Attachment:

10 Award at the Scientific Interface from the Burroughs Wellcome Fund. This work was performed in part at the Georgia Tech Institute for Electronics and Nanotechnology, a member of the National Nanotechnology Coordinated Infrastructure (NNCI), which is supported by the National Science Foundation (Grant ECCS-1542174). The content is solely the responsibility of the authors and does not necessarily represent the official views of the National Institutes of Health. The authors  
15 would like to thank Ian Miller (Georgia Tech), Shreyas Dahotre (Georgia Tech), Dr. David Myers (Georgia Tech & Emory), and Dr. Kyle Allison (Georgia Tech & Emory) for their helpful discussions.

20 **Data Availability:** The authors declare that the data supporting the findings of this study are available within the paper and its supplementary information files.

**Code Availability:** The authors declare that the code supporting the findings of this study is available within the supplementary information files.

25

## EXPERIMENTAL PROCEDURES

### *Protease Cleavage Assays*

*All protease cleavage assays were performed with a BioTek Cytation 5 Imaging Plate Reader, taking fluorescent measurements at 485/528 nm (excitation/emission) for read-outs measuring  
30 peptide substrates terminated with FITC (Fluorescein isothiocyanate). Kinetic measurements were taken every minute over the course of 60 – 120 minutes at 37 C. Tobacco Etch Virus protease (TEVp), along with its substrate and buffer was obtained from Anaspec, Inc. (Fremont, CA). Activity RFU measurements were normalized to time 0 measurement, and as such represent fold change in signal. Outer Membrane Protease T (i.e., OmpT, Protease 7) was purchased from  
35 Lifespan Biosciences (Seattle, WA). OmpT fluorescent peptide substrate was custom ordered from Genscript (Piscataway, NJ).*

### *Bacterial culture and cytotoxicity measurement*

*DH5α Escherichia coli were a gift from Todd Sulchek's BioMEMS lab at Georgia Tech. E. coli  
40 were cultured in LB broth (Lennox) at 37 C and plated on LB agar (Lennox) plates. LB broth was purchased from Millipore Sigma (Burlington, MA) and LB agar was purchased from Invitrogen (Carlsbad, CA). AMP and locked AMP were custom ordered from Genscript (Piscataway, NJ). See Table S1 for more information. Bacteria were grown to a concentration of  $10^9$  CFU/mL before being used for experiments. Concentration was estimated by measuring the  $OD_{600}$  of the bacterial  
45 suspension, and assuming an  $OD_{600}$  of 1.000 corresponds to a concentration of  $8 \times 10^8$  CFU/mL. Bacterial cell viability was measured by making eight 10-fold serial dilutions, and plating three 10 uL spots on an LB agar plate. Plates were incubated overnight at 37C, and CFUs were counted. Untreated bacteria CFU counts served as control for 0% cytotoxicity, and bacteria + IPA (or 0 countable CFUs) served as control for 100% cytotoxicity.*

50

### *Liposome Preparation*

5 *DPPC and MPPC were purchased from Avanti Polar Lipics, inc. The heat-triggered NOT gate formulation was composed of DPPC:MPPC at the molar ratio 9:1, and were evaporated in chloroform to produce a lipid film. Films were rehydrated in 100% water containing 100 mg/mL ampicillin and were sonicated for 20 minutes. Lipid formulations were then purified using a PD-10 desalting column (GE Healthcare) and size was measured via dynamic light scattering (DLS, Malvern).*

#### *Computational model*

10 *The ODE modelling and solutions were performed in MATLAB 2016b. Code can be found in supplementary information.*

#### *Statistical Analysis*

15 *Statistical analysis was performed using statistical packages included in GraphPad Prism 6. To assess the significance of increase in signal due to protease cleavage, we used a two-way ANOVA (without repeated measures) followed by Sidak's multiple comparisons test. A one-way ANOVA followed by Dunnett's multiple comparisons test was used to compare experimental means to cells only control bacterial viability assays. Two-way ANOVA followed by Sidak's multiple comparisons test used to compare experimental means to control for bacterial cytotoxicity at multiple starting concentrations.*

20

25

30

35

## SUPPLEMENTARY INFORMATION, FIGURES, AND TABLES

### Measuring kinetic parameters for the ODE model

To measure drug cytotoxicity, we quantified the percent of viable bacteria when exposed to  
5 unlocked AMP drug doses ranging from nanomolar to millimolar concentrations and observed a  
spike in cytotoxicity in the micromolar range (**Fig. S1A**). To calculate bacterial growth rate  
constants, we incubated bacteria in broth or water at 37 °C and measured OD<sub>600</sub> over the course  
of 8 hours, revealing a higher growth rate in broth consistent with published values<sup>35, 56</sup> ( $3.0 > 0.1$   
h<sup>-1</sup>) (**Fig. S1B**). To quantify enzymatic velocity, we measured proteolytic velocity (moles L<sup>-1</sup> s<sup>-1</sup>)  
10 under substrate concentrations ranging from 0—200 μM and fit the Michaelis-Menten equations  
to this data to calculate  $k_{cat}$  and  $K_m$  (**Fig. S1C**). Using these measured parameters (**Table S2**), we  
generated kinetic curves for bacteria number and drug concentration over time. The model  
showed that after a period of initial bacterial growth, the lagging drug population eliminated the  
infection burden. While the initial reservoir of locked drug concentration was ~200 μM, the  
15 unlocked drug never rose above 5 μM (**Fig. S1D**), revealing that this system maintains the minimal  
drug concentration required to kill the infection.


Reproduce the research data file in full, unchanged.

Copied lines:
10 Award at the Scientific Interface from the Burroughs Wellcome Fund. This work was performed in part at the Georgia Tech Institute for Electronics and Nanotechnology, a member of the National Nanotechnology Coordinated Infrastructure (NNCI), which is supported by the National Science Foundation (Grant ECCS-1542174). The content is solely the responsibility of the authors and does not necessarily represent the official views of the National Institutes of Health. The authors  
15 would like to thank Ian Miller (Georgia Tech), Shreyas Dahotre (Georgia Tech), Dr. David Myers (Georgia Tech & Emory), and Dr. Kyle Allison (Georgia Tech & Emory) for their helpful discussions.

20 **Data Availability:** The authors declare that the data supporting the findings of this study are available within the paper and its supplementary information files.

**Code Availability:** The authors declare that the code supporting the findings of this study is available within the supplementary information files.

25

## EXPERIMENTAL PROCEDURES

### *Protease Cleavage Assays*

*All protease cleavage assays were performed with a BioTek Cytation 5 Imaging Plate Reader, taking fluorescent measurements at 485/528 nm (excitation/emission) for read-outs measuring  
30 peptide substrates terminated with FITC (Fluorescein isothiocyanate). Kinetic measurements were taken every minute over the course of 60 – 120 minutes at 37 C. Tobacco Etch Virus protease (TEVp), along with its substrate and buffer was obtained from Anaspec, Inc. (Fremont, CA). Activity RFU measurements were normalized to time 0 measurement, and as such represent fold change in signal. Outer Membrane Protease T (i.e., OmpT, Protease 7) was purchased from  
35 Lifespan Biosciences (Seattle, WA). OmpT fluorescent peptide substrate was custom ordered from Genscript (Piscataway, NJ).*

### *Bacterial culture and cytotoxicity measurement*

*DH5α Escherichia coli were a gift from Todd Sulchek's BioMEMS lab at Georgia Tech. E. coli  
40 were cultured in LB broth (Lennox) at 37 C and plated on LB agar (Lennox) plates. LB broth was purchased from Millipore Sigma (Burlington, MA) and LB agar was purchased from Invitrogen (Carlsbad, CA). AMP and locked AMP were custom ordered from Genscript (Piscataway, NJ). See Table S1 for more information. Bacteria were grown to a concentration of  $10^9$  CFU/mL before being used for experiments. Concentration was estimated by measuring the  $OD_{600}$  of the bacterial  
45 suspension, and assuming an  $OD_{600}$  of 1.000 corresponds to a concentration of  $8 \times 10^8$  CFU/mL. Bacterial cell viability was measured by making eight 10-fold serial dilutions, and plating three 10 uL spots on an LB agar plate. Plates were incubated overnight at 37C, and CFUs were counted. Untreated bacteria CFU counts served as control for 0% cytotoxicity, and bacteria + IPA (or 0 countable CFUs) served as control for 100% cytotoxicity.*

50

### *Liposome Preparation*

5 *DPPC and MPPC were purchased from Avanti Polar Lipics, inc. The heat-triggered NOT gate formulation was composed of DPPC:MPPC at the molar ratio 9:1, and were evaporated in chloroform to produce a lipid film. Films were rehydrated in 100% water containing 100 mg/mL ampicillin and were sonicated for 20 minutes. Lipid formulations were then purified using a PD-10 desalting column (GE Healthcare) and size was measured via dynamic light scattering (DLS, Malvern).*

#### *Computational model*

10 *The ODE modelling and solutions were performed in MATLAB 2016b. Code can be found in supplementary information.*

#### *Statistical Analysis*

15 *Statistical analysis was performed using statistical packages included in GraphPad Prism 6. To assess the significance of increase in signal due to protease cleavage, we used a two-way ANOVA (without repeated measures) followed by Sidak's multiple comparisons test. A one-way ANOVA followed by Dunnett's multiple comparisons test was used to compare experimental means to cells only control bacterial viability assays. Two-way ANOVA followed by Sidak's multiple comparisons test used to compare experimental means to control for bacterial cytotoxicity at multiple starting concentrations.*

20

25

30

35

## SUPPLEMENTARY INFORMATION, FIGURES, AND TABLES

### Measuring kinetic parameters for the ODE model

To measure drug cytotoxicity, we quantified the percent of viable bacteria when exposed to  
5 unlocked AMP drug doses ranging from nanomolar to millimolar concentrations and observed a  
spike in cytotoxicity in the micromolar range (**Fig. S1A**). To calculate bacterial growth rate  
constants, we incubated bacteria in broth or water at 37 °C and measured OD<sub>600</sub> over the course  
of 8 hours, revealing a higher growth rate in broth consistent with published values<sup>35, 56</sup> ( $3.0 > 0.1$   
h<sup>-1</sup>) (**Fig. S1B**). To quantify enzymatic velocity, we measured proteolytic velocity (moles L<sup>-1</sup> s<sup>-1</sup>)  
10 under substrate concentrations ranging from 0—200 μM and fit the Michaelis-Menten equations  
to this data to calculate  $k_{cat}$  and  $K_m$  (**Fig. S1C**). Using these measured parameters (**Table S2**), we  
generated kinetic curves for bacteria number and drug concentration over time. The model  
showed that after a period of initial bacterial growth, the lagging drug population eliminated the  
infection burden. While the initial reservoir of locked drug concentration was ~200 μM, the  
15 unlocked drug never rose above 5 μM (**Fig. S1D**), revealing that this system maintains the minimal  
drug concentration required to kill the infection.